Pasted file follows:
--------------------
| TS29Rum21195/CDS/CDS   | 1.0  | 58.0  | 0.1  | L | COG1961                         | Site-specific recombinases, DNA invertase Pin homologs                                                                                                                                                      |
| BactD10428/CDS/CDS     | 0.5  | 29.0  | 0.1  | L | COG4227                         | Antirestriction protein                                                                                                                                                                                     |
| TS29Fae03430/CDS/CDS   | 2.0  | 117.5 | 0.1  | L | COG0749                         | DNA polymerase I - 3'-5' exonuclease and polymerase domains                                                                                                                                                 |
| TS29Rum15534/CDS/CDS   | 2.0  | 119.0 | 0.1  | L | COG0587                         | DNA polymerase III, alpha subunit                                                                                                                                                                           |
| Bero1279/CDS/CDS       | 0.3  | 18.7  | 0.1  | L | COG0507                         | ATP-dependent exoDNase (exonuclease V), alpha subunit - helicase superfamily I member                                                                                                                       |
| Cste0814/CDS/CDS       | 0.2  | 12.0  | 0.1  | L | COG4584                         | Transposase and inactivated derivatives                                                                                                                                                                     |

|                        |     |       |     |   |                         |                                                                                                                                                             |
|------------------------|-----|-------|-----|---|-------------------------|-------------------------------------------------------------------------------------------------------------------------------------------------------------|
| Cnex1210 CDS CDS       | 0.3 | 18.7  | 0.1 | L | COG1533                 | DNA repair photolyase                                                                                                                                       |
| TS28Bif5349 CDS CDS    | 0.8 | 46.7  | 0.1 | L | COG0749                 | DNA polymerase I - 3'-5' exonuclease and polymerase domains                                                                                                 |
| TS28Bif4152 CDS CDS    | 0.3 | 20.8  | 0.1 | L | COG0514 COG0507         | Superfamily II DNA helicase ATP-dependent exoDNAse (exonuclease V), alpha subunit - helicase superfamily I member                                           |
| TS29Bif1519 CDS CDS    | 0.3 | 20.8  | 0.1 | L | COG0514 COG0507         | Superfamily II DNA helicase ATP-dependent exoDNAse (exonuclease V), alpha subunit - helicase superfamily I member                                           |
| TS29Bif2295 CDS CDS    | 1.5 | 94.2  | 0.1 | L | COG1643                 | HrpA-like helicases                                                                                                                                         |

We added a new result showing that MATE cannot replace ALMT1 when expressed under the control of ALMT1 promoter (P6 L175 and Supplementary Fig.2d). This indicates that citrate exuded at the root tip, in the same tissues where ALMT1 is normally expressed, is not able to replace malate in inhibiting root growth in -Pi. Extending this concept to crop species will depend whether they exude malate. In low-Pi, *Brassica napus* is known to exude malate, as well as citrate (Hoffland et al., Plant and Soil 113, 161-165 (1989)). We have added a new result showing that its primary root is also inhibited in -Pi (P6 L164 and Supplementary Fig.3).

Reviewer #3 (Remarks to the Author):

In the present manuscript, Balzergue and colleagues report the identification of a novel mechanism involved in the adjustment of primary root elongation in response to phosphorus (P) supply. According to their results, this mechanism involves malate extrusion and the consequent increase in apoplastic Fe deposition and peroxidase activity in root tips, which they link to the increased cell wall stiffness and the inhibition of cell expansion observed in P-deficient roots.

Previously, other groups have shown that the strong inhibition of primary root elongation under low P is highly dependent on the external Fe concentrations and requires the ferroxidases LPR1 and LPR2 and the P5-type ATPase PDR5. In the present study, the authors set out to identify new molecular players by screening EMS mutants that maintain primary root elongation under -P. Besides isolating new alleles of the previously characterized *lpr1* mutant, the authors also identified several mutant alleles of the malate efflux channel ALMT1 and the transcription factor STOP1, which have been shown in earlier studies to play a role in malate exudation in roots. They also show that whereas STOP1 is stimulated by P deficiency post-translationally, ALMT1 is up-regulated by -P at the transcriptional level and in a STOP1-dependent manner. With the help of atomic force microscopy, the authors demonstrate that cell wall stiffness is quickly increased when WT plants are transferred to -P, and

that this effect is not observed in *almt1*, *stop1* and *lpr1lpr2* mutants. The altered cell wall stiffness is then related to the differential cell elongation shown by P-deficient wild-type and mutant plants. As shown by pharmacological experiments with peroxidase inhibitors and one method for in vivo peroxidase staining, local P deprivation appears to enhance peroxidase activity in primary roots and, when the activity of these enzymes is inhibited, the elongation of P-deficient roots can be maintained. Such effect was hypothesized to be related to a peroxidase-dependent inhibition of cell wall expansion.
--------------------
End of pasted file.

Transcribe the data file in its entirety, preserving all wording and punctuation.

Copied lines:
| TS29Rum21195/CDS/CDS   | 1.0  | 58.0  | 0.1  | L | COG1961                         | Site-specific recombinases, DNA invertase Pin homologs                                                                                                                                                      |
| BactD10428/CDS/CDS     | 0.5  | 29.0  | 0.1  | L | COG4227                         | Antirestriction protein                                                                                                                                                                                     |
| TS29Fae03430/CDS/CDS   | 2.0  | 117.5 | 0.1  | L | COG0749                         | DNA polymerase I - 3'-5' exonuclease and polymerase domains                                                                                                                                                 |
| TS29Rum15534/CDS/CDS   | 2.0  | 119.0 | 0.1  | L | COG0587                         | DNA polymerase III, alpha subunit                                                                                                                                                                           |
| Bero1279/CDS/CDS       | 0.3  | 18.7  | 0.1  | L | COG0507                         | ATP-dependent exoDNase (exonuclease V), alpha subunit - helicase superfamily I member                                                                                                                       |
| Cste0814/CDS/CDS       | 0.2  | 12.0  | 0.1  | L | COG4584                         | Transposase and inactivated derivatives                                                                                                                                                                     |

|                        |     |       |     |   |                         |                                                                                                                                                             |
|------------------------|-----|-------|-----|---|-------------------------|-------------------------------------------------------------------------------------------------------------------------------------------------------------|
| Cnex1210 CDS CDS       | 0.3 | 18.7  | 0.1 | L | COG1533                 | DNA repair photolyase                                                                                                                                       |
| TS28Bif5349 CDS CDS    | 0.8 | 46.7  | 0.1 | L | COG0749                 | DNA polymerase I - 3'-5' exonuclease and polymerase domains                                                                                                 |
| TS28Bif4152 CDS CDS    | 0.3 | 20.8  | 0.1 | L | COG0514 COG0507         | Superfamily II DNA helicase ATP-dependent exoDNAse (exonuclease V), alpha subunit - helicase superfamily I member                                           |
| TS29Bif1519 CDS CDS    | 0.3 | 20.8  | 0.1 | L | COG0514 COG0507         | Superfamily II DNA helicase ATP-dependent exoDNAse (exonuclease V), alpha subunit - helicase superfamily I member                                           |
| TS29Bif2295 CDS CDS    | 1.5 | 94.2  | 0.1 | L | COG1643                 | HrpA-like helicases                                                                                                                                         |

We added a new result showing that MATE cannot replace ALMT1 when expressed under the control of ALMT1 promoter (P6 L175 and Supplementary Fig.2d). This indicates that citrate exuded at the root tip, in the same tissues where ALMT1 is normally expressed, is not able to replace malate in inhibiting root growth in -Pi. Extending this concept to crop species will depend whether they exude malate. In low-Pi, *Brassica napus* is known to exude malate, as well as citrate (Hoffland et al., Plant and Soil 113, 161-165 (1989)). We have added a new result showing that its primary root is also inhibited in -Pi (P6 L164 and Supplementary Fig.3).

Reviewer #3 (Remarks to the Author):

In the present manuscript, Balzergue and colleagues report the identification of a novel mechanism involved in the adjustment of primary root elongation in response to phosphorus (P) supply. According to their results, this mechanism involves malate extrusion and the consequent increase in apoplastic Fe deposition and peroxidase activity in root tips, which they link to the increased cell wall stiffness and the inhibition of cell expansion observed in P-deficient roots.

Previously, other groups have shown that the strong inhibition of primary root elongation under low P is highly dependent on the external Fe concentrations and requires the ferroxidases LPR1 and LPR2 and the P5-type ATPase PDR5. In the present study, the authors set out to identify new molecular players by screening EMS mutants that maintain primary root elongation under -P. Besides isolating new alleles of the previously characterized *lpr1* mutant, the authors also identified several mutant alleles of the malate efflux channel ALMT1 and the transcription factor STOP1, which have been shown in earlier studies to play a role in malate exudation in roots. They also show that whereas STOP1 is stimulated by P deficiency post-translationally, ALMT1 is up-regulated by -P at the transcriptional level and in a STOP1-dependent manner. With the help of atomic force microscopy, the authors demonstrate that cell wall stiffness is quickly increased when WT plants are transferred to -P, and

that this effect is not observed in *almt1*, *stop1* and *lpr1lpr2* mutants. The altered cell wall stiffness is then related to the differential cell elongation shown by P-deficient wild-type and mutant plants. As shown by pharmacological experiments with peroxidase inhibitors and one method for in vivo peroxidase staining, local P deprivation appears to enhance peroxidase activity in primary roots and, when the activity of these enzymes is inhibited, the elongation of P-deficient roots can be maintained. Such effect was hypothesized to be related to a peroxidase-dependent inhibition of cell wall expansion.